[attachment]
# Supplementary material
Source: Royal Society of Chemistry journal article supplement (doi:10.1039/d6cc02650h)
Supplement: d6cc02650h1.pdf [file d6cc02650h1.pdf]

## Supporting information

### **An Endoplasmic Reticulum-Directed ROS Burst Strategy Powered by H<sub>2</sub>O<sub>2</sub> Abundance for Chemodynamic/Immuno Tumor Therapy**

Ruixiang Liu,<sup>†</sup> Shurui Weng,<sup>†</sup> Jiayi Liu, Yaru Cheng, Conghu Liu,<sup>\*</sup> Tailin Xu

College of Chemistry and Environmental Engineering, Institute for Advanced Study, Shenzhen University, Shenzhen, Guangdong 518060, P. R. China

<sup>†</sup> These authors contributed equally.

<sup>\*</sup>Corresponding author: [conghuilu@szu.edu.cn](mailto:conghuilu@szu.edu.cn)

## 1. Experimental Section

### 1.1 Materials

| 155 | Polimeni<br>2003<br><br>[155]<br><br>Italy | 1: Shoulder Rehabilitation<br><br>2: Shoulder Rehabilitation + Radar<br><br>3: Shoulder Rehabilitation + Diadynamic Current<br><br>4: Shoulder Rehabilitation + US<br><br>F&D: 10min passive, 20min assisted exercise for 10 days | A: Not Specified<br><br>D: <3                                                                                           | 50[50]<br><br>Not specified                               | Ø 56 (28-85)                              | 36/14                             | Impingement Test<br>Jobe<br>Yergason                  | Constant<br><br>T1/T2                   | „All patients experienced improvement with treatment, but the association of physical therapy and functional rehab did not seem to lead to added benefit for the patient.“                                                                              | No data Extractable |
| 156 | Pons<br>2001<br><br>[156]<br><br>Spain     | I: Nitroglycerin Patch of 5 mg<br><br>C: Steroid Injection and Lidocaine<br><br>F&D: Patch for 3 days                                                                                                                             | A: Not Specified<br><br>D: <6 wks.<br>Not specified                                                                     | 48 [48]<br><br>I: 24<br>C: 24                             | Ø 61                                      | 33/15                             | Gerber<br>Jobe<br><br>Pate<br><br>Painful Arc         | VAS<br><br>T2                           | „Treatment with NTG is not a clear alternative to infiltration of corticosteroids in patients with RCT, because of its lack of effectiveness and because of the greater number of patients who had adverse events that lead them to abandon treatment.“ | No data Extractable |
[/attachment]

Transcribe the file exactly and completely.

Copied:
# Supplementary material
Source: Royal Society of Chemistry journal article supplement (doi:10.1039/d6cc02650h)
Supplement: d6cc02650h1.pdf [file d6cc02650h1.pdf]

## Supporting information

### **An Endoplasmic Reticulum-Directed ROS Burst Strategy Powered by H<sub>2</sub>O<sub>2</sub> Abundance for Chemodynamic/Immuno Tumor Therapy**

Ruixiang Liu,<sup>†</sup> Shurui Weng,<sup>†</sup> Jiayi Liu, Yaru Cheng, Conghu Liu,<sup>\*</sup> Tailin Xu

College of Chemistry and Environmental Engineering, Institute for Advanced Study, Shenzhen University, Shenzhen, Guangdong 518060, P. R. China

<sup>†</sup> These authors contributed equally.

<sup>\*</sup>Corresponding author: [conghuilu@szu.edu.cn](mailto:conghuilu@szu.edu.cn)

## 1. Experimental Section

### 1.1 Materials

| 155 | Polimeni<br>2003<br><br>[155]<br><br>Italy | 1: Shoulder Rehabilitation<br><br>2: Shoulder Rehabilitation + Radar<br><br>3: Shoulder Rehabilitation + Diadynamic Current<br><br>4: Shoulder Rehabilitation + US<br><br>F&D: 10min passive, 20min assisted exercise for 10 days | A: Not Specified<br><br>D: <3                                                                                           | 50[50]<br><br>Not specified                               | Ø 56 (28-85)                              | 36/14                             | Impingement Test<br>Jobe<br>Yergason                  | Constant<br><br>T1/T2                   | „All patients experienced improvement with treatment, but the association of physical therapy and functional rehab did not seem to lead to added benefit for the patient.“                                                                              | No data Extractable |
| 156 | Pons<br>2001<br><br>[156]<br><br>Spain     | I: Nitroglycerin Patch of 5 mg<br><br>C: Steroid Injection and Lidocaine<br><br>F&D: Patch for 3 days                                                                                                                             | A: Not Specified<br><br>D: <6 wks.<br>Not specified                                                                     | 48 [48]<br><br>I: 24<br>C: 24                             | Ø 61                                      | 33/15                             | Gerber<br>Jobe<br><br>Pate<br><br>Painful Arc         | VAS<br><br>T2                           | „Treatment with NTG is not a clear alternative to infiltration of corticosteroids in patients with RCT, because of its lack of effectiveness and because of the greater number of patients who had adverse events that lead them to abandon treatment.“ | No data Extractable |